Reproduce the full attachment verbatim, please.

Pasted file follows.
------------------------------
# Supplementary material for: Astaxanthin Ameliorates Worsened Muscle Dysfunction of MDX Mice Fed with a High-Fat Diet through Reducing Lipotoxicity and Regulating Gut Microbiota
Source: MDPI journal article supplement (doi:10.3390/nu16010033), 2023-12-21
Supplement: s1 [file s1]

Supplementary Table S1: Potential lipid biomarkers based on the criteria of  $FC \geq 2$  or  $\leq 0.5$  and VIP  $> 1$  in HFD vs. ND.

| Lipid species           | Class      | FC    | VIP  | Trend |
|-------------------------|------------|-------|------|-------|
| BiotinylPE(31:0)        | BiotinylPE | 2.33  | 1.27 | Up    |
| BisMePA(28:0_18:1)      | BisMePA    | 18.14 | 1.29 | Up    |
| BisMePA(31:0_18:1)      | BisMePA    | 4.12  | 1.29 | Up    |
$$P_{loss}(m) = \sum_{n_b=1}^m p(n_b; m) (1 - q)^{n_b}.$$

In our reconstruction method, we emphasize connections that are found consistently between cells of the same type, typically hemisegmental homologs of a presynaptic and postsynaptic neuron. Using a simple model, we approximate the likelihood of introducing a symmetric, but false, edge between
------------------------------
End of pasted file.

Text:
# Supplementary material for: Astaxanthin Ameliorates Worsened Muscle Dysfunction of MDX Mice Fed with a High-Fat Diet through Reducing Lipotoxicity and Regulating Gut Microbiota
Source: MDPI journal article supplement (doi:10.3390/nu16010033), 2023-12-21
Supplement: s1 [file s1]

Supplementary Table S1: Potential lipid biomarkers based on the criteria of  $FC \geq 2$  or  $\leq 0.5$  and VIP  $> 1$  in HFD vs. ND.

| Lipid species           | Class      | FC    | VIP  | Trend |
|-------------------------|------------|-------|------|-------|
| BiotinylPE(31:0)        | BiotinylPE | 2.33  | 1.27 | Up    |
| BisMePA(28:0_18:1)      | BisMePA    | 18.14 | 1.29 | Up    |
| BisMePA(31:0_18:1)      | BisMePA    | 4.12  | 1.29 | Up    |
$$P_{loss}(m) = \sum_{n_b=1}^m p(n_b; m) (1 - q)^{n_b}.$$

In our reconstruction method, we emphasize connections that are found consistently between cells of the same type, typically hemisegmental homologs of a presynaptic and postsynaptic neuron. Using a simple model, we approximate the likelihood of introducing a symmetric, but false, edge between